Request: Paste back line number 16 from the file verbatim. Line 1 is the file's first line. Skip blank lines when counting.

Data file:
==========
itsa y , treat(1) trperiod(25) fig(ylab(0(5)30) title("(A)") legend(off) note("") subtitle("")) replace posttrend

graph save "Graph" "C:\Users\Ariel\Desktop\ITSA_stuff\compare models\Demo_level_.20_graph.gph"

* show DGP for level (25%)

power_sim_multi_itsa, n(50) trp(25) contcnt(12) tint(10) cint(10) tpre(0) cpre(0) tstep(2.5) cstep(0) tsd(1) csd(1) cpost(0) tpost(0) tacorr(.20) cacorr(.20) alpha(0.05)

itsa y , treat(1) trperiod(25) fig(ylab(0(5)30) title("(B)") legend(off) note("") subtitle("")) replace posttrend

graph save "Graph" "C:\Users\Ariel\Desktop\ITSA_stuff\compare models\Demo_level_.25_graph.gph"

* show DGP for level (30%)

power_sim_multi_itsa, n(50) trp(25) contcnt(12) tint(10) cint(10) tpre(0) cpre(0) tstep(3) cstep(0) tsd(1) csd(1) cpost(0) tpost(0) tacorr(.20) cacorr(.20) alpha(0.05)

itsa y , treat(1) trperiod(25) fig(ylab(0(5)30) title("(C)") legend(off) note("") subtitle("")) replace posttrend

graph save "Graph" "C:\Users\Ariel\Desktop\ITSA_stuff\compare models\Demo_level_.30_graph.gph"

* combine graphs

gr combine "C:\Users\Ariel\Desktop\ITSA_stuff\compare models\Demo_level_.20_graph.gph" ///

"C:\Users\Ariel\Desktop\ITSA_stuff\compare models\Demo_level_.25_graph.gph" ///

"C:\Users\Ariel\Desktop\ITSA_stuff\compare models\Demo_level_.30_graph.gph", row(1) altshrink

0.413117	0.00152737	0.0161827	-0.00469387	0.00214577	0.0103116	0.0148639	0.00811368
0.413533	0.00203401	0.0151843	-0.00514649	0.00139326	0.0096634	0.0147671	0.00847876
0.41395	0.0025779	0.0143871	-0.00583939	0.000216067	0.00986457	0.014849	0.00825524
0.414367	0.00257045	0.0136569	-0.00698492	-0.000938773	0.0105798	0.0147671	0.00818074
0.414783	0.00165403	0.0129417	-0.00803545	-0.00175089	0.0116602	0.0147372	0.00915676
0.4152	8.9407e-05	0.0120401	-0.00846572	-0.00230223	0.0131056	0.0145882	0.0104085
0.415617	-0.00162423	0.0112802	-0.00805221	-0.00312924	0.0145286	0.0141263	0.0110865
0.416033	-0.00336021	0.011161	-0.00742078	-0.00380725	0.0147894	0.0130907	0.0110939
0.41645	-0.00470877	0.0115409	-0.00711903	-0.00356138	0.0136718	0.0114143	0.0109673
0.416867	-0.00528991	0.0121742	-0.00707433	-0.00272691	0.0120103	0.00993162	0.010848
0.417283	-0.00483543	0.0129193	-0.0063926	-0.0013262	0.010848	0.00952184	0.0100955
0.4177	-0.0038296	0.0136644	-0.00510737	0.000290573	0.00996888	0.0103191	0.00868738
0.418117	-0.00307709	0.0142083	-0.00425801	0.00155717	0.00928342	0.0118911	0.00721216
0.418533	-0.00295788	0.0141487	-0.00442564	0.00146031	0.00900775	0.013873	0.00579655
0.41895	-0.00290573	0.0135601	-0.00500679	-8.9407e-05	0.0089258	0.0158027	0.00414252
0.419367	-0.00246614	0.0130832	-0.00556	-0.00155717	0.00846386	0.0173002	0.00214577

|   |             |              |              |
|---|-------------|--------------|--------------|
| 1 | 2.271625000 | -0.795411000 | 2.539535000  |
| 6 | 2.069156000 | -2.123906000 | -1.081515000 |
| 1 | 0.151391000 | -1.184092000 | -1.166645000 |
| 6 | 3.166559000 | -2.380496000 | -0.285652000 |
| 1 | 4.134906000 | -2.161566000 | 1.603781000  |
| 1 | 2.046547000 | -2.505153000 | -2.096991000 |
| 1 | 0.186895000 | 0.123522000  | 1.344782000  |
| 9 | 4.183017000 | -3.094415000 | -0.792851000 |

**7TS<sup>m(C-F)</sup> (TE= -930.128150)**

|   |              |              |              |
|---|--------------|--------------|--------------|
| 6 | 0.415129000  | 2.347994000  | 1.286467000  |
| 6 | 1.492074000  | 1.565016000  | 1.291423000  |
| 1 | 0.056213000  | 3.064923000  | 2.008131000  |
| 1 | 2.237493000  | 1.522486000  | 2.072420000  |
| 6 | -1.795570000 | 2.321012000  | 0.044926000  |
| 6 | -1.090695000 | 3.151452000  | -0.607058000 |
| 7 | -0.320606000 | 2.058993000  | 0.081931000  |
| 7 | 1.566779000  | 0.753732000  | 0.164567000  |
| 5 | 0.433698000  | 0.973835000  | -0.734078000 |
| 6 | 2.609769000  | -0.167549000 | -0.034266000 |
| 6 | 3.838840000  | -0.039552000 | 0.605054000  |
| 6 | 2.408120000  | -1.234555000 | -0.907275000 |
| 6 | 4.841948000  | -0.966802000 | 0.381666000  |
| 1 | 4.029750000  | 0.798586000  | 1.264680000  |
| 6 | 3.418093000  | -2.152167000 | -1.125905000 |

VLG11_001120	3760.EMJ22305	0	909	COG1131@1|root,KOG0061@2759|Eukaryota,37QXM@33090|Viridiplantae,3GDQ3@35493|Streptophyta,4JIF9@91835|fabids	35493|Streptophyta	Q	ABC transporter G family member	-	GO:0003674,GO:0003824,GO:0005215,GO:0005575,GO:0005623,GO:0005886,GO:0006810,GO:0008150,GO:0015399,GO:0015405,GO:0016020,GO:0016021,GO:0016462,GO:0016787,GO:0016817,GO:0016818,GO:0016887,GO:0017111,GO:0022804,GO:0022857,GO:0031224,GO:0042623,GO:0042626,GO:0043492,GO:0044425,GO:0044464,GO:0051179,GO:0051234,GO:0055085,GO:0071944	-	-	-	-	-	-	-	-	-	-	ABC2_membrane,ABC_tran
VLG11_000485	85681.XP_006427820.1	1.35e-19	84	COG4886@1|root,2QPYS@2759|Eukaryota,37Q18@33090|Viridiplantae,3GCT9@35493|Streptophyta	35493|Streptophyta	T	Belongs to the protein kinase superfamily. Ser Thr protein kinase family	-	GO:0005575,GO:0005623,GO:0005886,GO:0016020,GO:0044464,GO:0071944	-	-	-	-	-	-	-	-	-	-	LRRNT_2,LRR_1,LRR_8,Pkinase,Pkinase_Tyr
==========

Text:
0.413533	0.00203401	0.0151843	-0.00514649	0.00139326	0.0096634	0.0147671	0.00847876